Issue Date: April 27, 2009
Serious On Global Warming
THE ENVIRONMENTAL Protection Agency's recent proposed finding that carbon dioxide and five other greenhouse gases "threaten the public health and welfare of current and future generations"—an "endangerment finding"—is a watershed event in the long struggle to combat global climate change (see page 5).
The proposed endangerment finding states, "In both magnitude and probability, climate change is an enormous problem. The greenhouse gases that are responsible for it endanger public health and welfare within the meaning of the Clean Air Act." In addition to CO2, the finding targets methane, nitrous oxide, hydrofluorocarbons, perfluorocarbons, and sulfur hexafluoride.
As a press release from EPA noted, "Today's proposed finding does not include any proposed regulations. Before taking any steps to reduce greenhouse gases under the Clean Air Act, EPA would conduct an appropriate process and consider stakeholder input. Notwithstanding this required regulatory process, both President Obama and Administrator [Lisa P.] Jackson have repeatedly indicated their preference for comprehensive legislation to address this issue and create the framework for a clean energy economy."
Make no mistake, however, the U.S. is now irrevocably committed to controlling its production and emission of greenhouse gases. While President Obama prefers a legislative approach, he now has the clear authority and obligation to regulate greenhouse gases in the absence of legislation.
Only a couple of weeks prior to EPA's proposed finding, House Energy & Commerce Committee Chairman Henry A. Waxman (D-Calif.) and Energy & Environment Subcommittee Chairman Edward J. Markey (D-Mass.) released their draft climate-change bill (C&EN, April 6, page 6). The sweeping 648-page draft contains subsections, or "titles," on clean energy, energy efficiency, reducing global-warming pollution, and transition to a clean energy economy. The global-warming title places limits on emissions of heat-trapping pollutants that will reduce greenhouse gas emissions by 83% below 2005 levels by 2050.
A key issue not addressed in the draft is how to allocate the tradable emission allowances that restrict the amount of global-warming pollution emitted by electric utilities, oil companies, and other sources; that issue will be addressed by the committee as it takes up the legislation.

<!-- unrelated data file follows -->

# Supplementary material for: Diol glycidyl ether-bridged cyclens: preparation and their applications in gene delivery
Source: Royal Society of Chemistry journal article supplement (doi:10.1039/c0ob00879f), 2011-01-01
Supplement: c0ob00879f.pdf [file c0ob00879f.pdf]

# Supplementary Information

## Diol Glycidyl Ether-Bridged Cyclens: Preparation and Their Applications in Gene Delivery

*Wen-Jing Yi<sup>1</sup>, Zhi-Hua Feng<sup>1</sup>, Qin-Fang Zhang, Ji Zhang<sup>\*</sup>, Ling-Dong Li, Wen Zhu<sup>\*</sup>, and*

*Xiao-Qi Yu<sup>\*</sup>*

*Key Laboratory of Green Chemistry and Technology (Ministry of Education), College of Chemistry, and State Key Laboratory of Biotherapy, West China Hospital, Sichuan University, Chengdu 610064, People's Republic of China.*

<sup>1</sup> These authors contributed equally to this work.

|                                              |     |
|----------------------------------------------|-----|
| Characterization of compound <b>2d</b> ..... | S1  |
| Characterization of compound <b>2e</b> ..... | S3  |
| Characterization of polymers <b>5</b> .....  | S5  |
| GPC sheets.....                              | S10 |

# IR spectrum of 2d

The Obama Administration wants those allowances to be auctioned off, and had planned to use the proceeds of the auctions to help finance R&D on alternative energy. Already, utilities and other greenhouse gas emitters are lobbying to have them distributed free, arguing, as always, that they just cannot afford to pay to pollute.
This "cap-and-trade" system proposed by Waxman and Markey, especially if the allowances are auctioned rather than distributed free, is a step in the right direction. I would prefer a straightforward "carbon tax" that applies to all fossil fuels as a more effective and more honest way to control greenhouse gas emissions.
What no one wants to admit is that this is not going to be painless. The summary of the Waxman-Markey draft legislation states, "The legislation will create millions of new clean energy jobs, save consumers hundreds of billions of dollars in energy costs, enhance America's energy independence, and cut global warming."
The legislation might do three out of four of those things, but if it does those three, it's not going to save hundreds of billions of dollars in energy costs. Fossil fuels are cheap because we do not mandate that the cost of disposing of the waste that results from burning them—CO2—is incorporated into the price charged for them.
It's not complicated. To prevent the worst-case projections of global climate change, the cost of fossil fuels must increase substantially so that people will find it uneconomical to burn them so profligately and alternatives become attractive. Accomplish this through cap-and-trade or through a carbon tax, but stop pretending that it can be done on the cheap. Alternative energy sources will remain more expensive than fossil fuels so long as the atmosphere can be treated as a no-cost CO2 sewer. That has to change or nothing else will.
Thanks for reading.
Views expressed on this page are those of the author and not necessarily those of ACS.
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